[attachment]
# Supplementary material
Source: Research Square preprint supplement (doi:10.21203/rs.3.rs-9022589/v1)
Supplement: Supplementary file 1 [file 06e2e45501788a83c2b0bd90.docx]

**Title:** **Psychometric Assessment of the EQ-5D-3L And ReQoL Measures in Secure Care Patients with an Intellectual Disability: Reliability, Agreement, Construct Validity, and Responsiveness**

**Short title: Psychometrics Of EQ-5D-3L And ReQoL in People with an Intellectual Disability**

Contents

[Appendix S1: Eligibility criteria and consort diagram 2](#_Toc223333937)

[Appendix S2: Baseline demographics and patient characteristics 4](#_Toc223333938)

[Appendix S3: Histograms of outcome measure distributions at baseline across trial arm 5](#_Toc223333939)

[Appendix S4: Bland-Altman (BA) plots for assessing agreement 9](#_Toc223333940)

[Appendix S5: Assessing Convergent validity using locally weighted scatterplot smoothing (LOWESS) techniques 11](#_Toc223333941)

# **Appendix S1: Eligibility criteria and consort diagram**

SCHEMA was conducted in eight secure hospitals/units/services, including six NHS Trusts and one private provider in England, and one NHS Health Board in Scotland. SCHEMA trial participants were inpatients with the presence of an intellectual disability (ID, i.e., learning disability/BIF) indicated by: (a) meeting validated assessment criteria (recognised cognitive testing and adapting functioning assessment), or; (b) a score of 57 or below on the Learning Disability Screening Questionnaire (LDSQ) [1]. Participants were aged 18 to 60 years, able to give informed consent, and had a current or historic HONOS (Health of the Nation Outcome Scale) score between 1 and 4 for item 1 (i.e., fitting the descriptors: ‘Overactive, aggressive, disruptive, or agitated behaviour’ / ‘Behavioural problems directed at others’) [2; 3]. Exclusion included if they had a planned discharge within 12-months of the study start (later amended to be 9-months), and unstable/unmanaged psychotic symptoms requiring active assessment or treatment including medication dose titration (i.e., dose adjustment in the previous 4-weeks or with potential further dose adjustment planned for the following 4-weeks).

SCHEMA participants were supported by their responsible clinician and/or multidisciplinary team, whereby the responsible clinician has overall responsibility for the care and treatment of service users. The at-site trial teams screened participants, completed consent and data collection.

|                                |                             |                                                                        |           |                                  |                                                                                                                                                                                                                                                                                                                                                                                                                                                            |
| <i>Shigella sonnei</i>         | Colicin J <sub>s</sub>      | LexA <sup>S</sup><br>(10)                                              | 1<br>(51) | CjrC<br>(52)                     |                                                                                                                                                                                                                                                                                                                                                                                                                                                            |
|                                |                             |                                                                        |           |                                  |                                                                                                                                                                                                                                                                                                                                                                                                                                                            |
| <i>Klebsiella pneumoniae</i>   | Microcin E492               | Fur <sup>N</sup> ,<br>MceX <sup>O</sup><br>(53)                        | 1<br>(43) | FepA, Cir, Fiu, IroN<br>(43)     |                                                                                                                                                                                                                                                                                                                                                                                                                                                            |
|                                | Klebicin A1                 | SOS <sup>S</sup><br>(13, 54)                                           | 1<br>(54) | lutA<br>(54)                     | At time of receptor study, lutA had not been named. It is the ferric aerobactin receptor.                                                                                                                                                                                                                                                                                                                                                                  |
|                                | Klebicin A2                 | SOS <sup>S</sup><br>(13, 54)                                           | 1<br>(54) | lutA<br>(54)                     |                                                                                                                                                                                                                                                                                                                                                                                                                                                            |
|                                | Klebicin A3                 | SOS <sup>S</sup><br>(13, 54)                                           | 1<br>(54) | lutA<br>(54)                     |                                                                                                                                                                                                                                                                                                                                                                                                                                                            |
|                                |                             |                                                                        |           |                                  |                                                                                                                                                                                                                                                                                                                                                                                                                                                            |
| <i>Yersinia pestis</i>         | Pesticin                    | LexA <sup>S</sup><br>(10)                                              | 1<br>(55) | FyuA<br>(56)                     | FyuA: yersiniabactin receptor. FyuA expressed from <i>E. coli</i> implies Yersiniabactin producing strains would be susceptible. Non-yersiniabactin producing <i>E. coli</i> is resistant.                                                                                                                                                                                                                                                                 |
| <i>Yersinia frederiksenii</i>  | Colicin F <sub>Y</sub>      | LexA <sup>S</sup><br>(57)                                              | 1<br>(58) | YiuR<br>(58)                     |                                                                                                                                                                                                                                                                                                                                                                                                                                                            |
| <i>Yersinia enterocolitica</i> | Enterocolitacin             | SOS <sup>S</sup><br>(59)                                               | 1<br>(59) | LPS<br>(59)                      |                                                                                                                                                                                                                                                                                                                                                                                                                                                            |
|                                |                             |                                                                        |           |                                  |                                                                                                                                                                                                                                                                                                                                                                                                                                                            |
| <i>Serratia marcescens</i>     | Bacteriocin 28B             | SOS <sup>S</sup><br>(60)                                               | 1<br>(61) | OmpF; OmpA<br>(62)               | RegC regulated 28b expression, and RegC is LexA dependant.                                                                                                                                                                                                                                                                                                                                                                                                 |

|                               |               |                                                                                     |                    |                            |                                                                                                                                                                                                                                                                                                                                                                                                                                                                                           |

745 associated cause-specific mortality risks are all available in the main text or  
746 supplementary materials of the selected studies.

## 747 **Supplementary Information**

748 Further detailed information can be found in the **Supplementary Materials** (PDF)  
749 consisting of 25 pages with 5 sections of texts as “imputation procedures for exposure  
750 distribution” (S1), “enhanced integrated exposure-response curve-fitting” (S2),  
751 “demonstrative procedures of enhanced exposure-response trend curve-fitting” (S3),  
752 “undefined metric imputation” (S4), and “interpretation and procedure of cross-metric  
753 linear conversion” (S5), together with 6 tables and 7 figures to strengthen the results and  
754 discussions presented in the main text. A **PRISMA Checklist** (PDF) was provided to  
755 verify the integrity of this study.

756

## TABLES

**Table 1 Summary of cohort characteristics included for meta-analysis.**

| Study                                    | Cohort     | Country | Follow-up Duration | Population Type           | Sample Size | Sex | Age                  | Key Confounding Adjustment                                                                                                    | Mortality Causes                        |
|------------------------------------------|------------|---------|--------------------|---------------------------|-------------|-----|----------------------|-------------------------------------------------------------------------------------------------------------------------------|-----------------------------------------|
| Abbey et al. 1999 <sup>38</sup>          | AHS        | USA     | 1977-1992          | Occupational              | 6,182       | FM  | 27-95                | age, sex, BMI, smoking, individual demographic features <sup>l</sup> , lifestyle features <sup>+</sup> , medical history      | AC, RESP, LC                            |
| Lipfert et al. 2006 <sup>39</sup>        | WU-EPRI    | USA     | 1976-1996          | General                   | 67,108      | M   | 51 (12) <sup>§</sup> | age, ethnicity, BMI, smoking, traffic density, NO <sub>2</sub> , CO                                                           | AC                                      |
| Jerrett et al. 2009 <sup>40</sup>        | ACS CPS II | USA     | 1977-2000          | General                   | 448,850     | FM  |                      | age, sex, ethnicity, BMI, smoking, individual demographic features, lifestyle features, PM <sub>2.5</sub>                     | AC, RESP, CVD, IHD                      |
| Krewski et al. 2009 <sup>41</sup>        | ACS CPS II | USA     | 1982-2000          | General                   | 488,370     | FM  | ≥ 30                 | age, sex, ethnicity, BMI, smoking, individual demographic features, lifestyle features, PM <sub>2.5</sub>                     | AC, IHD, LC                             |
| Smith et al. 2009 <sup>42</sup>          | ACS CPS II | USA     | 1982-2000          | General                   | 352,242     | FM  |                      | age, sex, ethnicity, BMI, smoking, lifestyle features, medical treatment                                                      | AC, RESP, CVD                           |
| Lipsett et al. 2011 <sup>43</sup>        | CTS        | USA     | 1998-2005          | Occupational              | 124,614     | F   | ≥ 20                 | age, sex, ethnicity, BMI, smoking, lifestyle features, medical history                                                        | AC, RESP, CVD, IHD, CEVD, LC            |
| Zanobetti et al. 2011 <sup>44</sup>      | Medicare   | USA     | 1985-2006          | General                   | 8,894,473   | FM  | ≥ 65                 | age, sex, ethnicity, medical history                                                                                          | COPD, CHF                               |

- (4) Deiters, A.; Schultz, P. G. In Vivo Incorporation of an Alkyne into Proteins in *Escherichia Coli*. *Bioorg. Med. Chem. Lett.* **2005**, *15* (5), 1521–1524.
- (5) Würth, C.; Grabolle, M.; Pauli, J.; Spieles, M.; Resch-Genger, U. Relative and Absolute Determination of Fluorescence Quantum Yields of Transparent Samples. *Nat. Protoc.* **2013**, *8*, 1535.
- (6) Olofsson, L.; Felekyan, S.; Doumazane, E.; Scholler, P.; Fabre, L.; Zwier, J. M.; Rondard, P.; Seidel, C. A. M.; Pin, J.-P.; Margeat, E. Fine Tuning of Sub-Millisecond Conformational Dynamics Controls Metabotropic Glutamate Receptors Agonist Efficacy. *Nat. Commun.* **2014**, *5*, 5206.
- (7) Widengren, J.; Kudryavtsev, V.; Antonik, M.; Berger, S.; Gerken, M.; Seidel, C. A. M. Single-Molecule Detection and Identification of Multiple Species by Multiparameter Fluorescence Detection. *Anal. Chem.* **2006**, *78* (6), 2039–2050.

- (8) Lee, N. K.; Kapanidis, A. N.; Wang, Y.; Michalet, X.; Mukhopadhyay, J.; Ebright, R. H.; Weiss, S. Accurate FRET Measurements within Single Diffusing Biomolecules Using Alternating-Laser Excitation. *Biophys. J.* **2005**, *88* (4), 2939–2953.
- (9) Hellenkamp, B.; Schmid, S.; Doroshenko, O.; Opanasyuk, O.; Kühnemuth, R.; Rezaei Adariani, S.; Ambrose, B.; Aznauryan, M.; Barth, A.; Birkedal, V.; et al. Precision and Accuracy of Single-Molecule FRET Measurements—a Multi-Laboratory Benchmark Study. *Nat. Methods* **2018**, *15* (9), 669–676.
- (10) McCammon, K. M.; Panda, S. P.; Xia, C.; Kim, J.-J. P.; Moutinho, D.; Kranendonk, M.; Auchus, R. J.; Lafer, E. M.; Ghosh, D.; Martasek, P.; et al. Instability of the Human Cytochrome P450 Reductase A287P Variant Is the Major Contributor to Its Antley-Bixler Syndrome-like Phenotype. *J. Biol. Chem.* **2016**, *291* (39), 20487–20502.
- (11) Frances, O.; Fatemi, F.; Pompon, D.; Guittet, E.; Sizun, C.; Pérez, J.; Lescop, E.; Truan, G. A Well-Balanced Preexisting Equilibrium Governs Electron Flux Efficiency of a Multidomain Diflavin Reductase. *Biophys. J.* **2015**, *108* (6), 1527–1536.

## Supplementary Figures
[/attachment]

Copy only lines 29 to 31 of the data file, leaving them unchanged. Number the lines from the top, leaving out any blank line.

745 associated cause-specific mortality risks are all available in the main text or  
746 supplementary materials of the selected studies.

## 747 **Supplementary Information**